Hart House Theatre and Director Julie Tomaino collaborate to bring you their peace-loving production of the rock musical Hair on the eve of its 50th Anniversary. When the musical first hit theatres in the 1960’s, audiences were shocked by its display of nudity and homosexuality. The mass shunning led critics to label it as ahead of its time and unbeknownst to its creators, several of its songs went on to become anthems for the anti-Vietnam peace movement. This new production presents itself in similar fashion, a time of social justice movements and political unrest. The play tries hard to force audiences to buy into its hippie culture and more or less succeeds.
Hair tells the story of a tribe of likeminded hippies who struggle to stamp their individuality and ideas of freedom in the face of an oppressive government that has started a war in Vietnam. The group consists of free-spirited George Berger (Andrew Perry) who introduces himself as a “teddy bear,” Claude Hooper (Christian Hodge) an idealist with disapproving parents, Sheila (Marisa Dashney) an NYU student and determined political activist, and a host of several other characters. The long haired hippies’ bohemian lifestyles get uprooted when one of their own, Claud gets conscripted to serve in Vietnam. Claude must ultimately decide whether to refuse the call and face disappointing his parents or serve and risk losing his life and more importantly his principles.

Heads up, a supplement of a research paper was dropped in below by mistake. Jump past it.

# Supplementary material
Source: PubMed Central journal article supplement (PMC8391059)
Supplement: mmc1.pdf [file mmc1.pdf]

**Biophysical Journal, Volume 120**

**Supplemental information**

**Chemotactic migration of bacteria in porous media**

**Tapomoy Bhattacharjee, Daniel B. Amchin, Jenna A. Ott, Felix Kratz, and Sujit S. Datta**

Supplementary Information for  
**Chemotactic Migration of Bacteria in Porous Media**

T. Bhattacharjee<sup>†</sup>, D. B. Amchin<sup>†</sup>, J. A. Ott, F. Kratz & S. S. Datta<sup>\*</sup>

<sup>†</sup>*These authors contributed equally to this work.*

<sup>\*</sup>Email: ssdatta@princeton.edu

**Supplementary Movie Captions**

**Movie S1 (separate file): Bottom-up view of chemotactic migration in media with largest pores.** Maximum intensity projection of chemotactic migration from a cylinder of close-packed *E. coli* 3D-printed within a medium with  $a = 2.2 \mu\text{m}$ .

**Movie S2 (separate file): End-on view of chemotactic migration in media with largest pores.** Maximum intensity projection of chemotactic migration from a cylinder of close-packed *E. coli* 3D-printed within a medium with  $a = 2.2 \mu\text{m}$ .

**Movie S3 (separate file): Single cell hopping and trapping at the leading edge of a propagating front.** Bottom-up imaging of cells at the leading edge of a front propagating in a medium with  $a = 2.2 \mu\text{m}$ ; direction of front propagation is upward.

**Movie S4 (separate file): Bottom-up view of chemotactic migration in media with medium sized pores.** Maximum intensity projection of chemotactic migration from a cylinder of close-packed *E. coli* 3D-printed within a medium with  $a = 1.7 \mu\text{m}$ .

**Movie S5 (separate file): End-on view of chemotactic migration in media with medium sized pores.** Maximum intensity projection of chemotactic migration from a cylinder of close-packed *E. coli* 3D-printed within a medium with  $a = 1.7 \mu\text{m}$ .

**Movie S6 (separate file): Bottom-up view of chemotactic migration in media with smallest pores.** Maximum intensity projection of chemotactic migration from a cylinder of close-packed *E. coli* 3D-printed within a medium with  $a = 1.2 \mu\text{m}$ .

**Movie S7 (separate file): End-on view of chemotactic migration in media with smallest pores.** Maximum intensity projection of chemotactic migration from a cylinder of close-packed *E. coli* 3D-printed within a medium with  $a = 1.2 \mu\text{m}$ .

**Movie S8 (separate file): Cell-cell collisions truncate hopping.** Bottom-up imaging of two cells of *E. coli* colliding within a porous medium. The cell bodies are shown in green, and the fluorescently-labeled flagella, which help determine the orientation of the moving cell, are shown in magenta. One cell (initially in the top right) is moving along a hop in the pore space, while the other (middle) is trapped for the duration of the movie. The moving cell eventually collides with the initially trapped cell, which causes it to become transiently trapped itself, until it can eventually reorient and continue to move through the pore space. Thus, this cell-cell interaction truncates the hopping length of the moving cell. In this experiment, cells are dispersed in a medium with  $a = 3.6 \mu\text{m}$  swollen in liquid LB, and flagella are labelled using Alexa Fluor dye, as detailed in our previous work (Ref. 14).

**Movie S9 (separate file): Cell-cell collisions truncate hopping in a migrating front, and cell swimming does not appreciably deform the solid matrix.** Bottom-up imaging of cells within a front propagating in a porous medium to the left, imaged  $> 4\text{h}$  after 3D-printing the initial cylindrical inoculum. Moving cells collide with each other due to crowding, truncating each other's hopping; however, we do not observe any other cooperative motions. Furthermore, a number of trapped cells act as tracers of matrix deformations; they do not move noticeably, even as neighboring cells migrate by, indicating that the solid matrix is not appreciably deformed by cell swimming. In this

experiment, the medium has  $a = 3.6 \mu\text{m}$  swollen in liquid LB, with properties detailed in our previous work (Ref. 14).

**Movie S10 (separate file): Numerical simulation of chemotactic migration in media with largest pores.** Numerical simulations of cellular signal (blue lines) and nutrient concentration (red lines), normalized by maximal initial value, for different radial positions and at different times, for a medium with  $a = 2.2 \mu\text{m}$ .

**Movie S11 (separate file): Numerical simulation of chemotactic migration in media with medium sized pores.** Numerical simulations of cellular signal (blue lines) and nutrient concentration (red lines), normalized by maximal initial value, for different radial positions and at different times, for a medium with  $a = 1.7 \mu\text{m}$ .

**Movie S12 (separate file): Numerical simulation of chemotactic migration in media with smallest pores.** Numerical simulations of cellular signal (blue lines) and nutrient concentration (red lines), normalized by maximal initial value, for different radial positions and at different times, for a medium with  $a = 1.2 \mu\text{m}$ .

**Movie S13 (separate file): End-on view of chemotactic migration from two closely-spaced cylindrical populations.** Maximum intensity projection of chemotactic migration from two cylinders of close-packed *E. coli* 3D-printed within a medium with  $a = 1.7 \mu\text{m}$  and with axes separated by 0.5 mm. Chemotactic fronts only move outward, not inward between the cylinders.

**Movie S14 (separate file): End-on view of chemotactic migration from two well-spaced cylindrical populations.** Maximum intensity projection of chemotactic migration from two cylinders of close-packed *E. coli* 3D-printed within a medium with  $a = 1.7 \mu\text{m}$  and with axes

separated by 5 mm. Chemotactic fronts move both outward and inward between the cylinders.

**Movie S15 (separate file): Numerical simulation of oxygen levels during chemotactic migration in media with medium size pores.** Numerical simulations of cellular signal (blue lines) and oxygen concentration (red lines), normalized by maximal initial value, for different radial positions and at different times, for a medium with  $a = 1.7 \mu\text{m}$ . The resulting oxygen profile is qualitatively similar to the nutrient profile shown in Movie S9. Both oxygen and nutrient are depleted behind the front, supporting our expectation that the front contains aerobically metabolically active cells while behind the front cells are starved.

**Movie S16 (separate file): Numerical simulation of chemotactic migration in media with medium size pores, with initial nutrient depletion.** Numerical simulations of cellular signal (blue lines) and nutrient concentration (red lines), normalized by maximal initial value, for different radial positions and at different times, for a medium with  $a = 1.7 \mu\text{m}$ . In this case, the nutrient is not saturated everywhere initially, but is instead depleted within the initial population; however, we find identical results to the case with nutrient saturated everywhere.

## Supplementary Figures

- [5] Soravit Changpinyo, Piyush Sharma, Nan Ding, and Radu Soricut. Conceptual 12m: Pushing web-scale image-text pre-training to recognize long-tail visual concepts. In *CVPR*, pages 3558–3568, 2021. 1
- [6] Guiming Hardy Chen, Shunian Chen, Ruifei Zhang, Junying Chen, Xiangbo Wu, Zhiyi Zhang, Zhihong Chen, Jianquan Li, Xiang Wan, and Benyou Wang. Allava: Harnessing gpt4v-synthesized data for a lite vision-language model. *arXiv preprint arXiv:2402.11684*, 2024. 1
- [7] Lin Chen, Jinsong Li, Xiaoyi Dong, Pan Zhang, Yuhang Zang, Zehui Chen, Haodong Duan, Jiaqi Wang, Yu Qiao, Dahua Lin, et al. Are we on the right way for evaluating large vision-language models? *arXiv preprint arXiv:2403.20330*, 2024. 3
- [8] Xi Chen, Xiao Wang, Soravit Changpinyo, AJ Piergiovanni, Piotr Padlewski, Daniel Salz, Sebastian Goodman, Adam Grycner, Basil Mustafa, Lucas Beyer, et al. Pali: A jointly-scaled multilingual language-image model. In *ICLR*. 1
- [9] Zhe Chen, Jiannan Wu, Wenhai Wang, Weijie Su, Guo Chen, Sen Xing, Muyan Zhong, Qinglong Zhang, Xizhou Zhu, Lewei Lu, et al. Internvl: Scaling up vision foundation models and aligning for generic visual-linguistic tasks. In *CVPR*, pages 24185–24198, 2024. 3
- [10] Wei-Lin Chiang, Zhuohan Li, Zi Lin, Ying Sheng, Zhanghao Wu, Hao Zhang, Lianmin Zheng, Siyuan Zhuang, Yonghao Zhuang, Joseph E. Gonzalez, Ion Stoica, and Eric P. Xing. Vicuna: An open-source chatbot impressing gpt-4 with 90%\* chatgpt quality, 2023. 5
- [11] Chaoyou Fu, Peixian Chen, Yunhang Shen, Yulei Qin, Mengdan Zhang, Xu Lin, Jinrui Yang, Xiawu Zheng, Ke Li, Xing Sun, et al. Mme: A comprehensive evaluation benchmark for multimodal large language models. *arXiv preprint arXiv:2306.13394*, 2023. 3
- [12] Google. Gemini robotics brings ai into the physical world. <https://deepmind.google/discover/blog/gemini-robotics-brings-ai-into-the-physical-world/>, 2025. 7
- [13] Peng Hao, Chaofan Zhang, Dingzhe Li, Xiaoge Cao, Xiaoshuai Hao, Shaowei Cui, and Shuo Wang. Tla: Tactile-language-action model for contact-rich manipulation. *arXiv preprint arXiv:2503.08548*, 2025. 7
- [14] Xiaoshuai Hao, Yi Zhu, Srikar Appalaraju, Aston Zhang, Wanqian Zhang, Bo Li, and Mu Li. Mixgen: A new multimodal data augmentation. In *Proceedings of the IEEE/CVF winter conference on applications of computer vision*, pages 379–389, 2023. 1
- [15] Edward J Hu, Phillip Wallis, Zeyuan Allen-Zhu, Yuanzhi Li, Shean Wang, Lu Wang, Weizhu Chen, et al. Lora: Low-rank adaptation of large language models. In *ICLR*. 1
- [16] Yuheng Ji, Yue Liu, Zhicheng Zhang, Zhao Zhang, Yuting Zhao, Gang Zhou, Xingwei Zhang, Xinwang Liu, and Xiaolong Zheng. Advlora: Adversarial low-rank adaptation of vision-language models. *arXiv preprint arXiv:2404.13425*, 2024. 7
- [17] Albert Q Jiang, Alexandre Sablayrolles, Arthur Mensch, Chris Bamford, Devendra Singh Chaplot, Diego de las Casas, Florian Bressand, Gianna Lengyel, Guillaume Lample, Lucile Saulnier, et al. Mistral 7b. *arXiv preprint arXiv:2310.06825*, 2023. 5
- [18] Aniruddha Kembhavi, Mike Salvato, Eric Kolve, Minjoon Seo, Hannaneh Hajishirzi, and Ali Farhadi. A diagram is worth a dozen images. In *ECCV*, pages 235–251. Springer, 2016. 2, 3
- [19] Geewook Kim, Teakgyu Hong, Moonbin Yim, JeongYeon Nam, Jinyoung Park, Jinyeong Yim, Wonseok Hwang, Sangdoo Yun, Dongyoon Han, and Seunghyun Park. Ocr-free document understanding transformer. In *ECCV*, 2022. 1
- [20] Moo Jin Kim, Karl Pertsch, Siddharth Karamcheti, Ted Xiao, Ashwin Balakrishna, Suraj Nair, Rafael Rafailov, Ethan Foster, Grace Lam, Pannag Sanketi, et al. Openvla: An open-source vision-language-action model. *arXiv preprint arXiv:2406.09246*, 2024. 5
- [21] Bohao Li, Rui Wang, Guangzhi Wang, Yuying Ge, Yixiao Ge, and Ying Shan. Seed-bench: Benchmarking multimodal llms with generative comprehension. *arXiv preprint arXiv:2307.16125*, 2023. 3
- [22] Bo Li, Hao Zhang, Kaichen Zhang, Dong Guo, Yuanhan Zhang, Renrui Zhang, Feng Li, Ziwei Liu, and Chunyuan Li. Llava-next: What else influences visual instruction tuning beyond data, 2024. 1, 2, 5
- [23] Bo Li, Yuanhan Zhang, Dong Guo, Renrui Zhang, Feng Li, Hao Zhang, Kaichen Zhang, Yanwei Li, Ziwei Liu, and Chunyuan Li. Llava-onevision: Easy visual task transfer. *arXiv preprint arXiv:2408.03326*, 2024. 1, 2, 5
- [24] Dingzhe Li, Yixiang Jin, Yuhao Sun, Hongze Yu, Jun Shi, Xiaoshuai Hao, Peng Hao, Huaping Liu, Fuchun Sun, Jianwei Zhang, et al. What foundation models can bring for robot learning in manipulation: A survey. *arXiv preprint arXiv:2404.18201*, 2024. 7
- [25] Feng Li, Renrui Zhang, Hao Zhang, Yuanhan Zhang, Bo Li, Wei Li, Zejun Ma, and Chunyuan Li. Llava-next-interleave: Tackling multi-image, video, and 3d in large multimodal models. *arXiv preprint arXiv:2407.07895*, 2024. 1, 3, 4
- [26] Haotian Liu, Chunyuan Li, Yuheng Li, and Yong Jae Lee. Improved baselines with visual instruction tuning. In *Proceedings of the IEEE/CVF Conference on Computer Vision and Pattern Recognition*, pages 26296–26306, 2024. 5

Tomaino describes the play as, “Dense, relevant and non-linear.” In the director’s notes, she says, “Hair will challenge you—allow us to take you on a trip to another time and place where your reality is altered, and nothing makes sense. Until it does. Allow us to make you part of our community.”
Act I begins with introducing the audience to the strange-psychedelic world of the tribe through the opening song of Aquarius where tribe members serenade the crowd with the famous chorus. Songs from the original play such as “Sodomy,” “I’m Black/Ain’t Got No,” and even the titular song “Hair” are on display throughout the act. The act finishes as we see Claud burning his draft letter, only to change his mind later and pull it out of the fire. The tribe then emerges naked singing “Where Do I Go?”
I personally enjoyed the performance of Kevin James Doe as he embodied the whimsical personalities of Margaret Mead, Principal and Ronny. By the end of Act II, Claude undergoes a hallucinogenic trip filled with cameos of historical figures: Abraham Lincoln, John Wilkes Booth, George Washington, etc., who helps him decide. While the rest of the tribe is busy at protest, Claude appears in military uniform and a buzz cut signifying his detachment. It is at this point that one realizes that the hippies’ long hair was a symbol of their defiance, hence the title of the play. The final song has a groovy buzz to it and the audience is invited to join in the closing number.
With its themes of defiance and love, Hair essentially boils down to youth empowerment. A subject as relevant today as it was during the Vietnam War. Young people found themselves dying in an unpopular war and found their voice in activist movements. With the rise of social media and unfavorable political conditions in America and certain other parts of the world, people should be careful not to repeat the same mistake. The message is clear and timeless: for the youth to take control and share in joy and hope. With Canadian elections scheduled for early next year, the timing of the play is appropriate.
Hair runs at Hart House Theatre from January 18 to February 2.